Day 3; I need to get to Leyba & Ingalls Arts Supplies and Gallery, lucky for us artists in area, Diana Leyba Ingalls is an artist herself and she buys top grade artists paint for the store instead  of student grade. I am happy to see they have a good selection of Golden Open Acrylic Paint, so with a sigh of relief I purchase my Burnt Sienna.

I taper the cloak which give the figure and tunic a more gracefull look. I am using the votive candle you see in the above picture as a guide.




Day 4; I decided I was happy with the face now and the over all painting and although I still have more painting to do on the statue, she can be place on the pedistal once again. I will work on she again this spring and complete it but for now I am happy with it and we will enjoy her this way and I will get back to working on my  studio paintings. 



Guy of is Italian descent, namely Sicilian, with one grandmother who was Spanish. He has a light olive complexion. I was concerned that I had painted the face of Our Lady too dark so I had him stand beside her and angle his head in the position she was in, I am happy to say, it was spot on 




Here is Our Lady of Guadalupe in our living room, she has a wonderful presence in our home.


Here is the Silver City Museum Show which inspired me while I worked on the statue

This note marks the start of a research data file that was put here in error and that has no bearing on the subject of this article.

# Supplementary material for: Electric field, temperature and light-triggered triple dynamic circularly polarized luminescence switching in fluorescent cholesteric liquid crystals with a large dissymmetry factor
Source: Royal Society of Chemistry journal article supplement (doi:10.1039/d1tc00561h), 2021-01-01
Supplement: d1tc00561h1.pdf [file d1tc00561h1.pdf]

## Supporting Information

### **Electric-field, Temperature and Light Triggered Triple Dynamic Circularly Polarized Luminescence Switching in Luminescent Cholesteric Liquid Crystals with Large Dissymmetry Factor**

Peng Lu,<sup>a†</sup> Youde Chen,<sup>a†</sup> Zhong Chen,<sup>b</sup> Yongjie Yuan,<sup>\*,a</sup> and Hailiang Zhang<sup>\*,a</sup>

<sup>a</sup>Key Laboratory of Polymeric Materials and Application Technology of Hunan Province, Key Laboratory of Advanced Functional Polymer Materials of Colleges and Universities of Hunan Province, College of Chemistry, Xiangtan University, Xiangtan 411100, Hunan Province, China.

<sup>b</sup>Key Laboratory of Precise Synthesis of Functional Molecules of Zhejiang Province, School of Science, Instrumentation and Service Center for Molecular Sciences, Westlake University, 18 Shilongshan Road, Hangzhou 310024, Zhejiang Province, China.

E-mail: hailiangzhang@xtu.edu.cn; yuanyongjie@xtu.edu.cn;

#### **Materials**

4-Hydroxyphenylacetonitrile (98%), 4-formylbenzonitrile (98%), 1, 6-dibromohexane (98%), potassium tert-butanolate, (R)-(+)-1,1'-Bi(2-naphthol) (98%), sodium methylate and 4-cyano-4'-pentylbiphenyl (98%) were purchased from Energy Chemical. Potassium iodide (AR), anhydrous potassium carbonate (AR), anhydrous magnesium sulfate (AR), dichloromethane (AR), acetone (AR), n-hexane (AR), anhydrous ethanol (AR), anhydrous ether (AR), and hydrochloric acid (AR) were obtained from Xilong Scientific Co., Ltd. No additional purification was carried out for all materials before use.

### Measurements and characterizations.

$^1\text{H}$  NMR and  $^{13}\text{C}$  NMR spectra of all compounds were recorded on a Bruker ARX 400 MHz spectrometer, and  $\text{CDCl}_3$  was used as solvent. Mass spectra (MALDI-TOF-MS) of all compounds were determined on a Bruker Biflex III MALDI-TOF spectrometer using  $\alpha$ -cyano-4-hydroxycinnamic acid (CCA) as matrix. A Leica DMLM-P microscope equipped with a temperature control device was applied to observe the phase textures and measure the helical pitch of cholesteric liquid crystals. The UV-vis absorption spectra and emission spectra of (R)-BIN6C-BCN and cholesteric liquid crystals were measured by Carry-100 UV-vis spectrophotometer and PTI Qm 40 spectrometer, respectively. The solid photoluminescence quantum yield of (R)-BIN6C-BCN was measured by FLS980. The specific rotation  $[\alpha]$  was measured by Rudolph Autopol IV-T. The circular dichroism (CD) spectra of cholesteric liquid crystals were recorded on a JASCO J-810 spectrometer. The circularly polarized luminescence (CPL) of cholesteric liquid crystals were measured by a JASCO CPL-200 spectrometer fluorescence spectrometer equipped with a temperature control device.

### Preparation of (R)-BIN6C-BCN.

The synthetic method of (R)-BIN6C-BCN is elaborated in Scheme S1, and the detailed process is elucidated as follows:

The Silver City Museum has an absolutely beautiful and educational show devoted to Hispanic New Mexican Devotional Art. The art is from the collection of Barbe Awalt and Paul Rhetts, who have collected this spiritual genre for around 25. They published a book called, "Our Saints Among Us: 400 Years of New Mexican Devotional Art," this tells the story about their collection and it is availabe on sale at the Muesum book store where I also found a book on making your own Retablos or Spiritual Icons and several small icons which you may buy.



Paul Rhetts pointing out an icon in the colletion

Barbe Awalt, the couple collected these spiritual icons for nearly 25 years 


Silver City Museum

I learned while reading the information from the museum collection at the Silver City Museum that for the artist making the image it can be a spiritual devotion. I certainly had that experience while working on this statue and while painting it I was contemplating the information I had read about the specific imagery of the details of the statue and how she appeared to Juan Diego and the miracle of the image she left  behind and the flowers. 

Please go to my links at the bottom of the Blog post to find more information on this statue.  



This is the original Icon, a miracle left by the visitation of  The Virgin of Guadalupe



As we are approaching the Holidays, namely Christmas, I pray and I suggest we all pary for the new leader of the Roman Chatholic faith, the first pope from the America's. Pope Francis has requested that we pray for him. Let us pray that this mantel of office not lay heavy on his sholders but that with a joyous heart and a peacefull soul which comes from his humility which allows him to work through Jesus Christ, Our Lord and Savior, Amen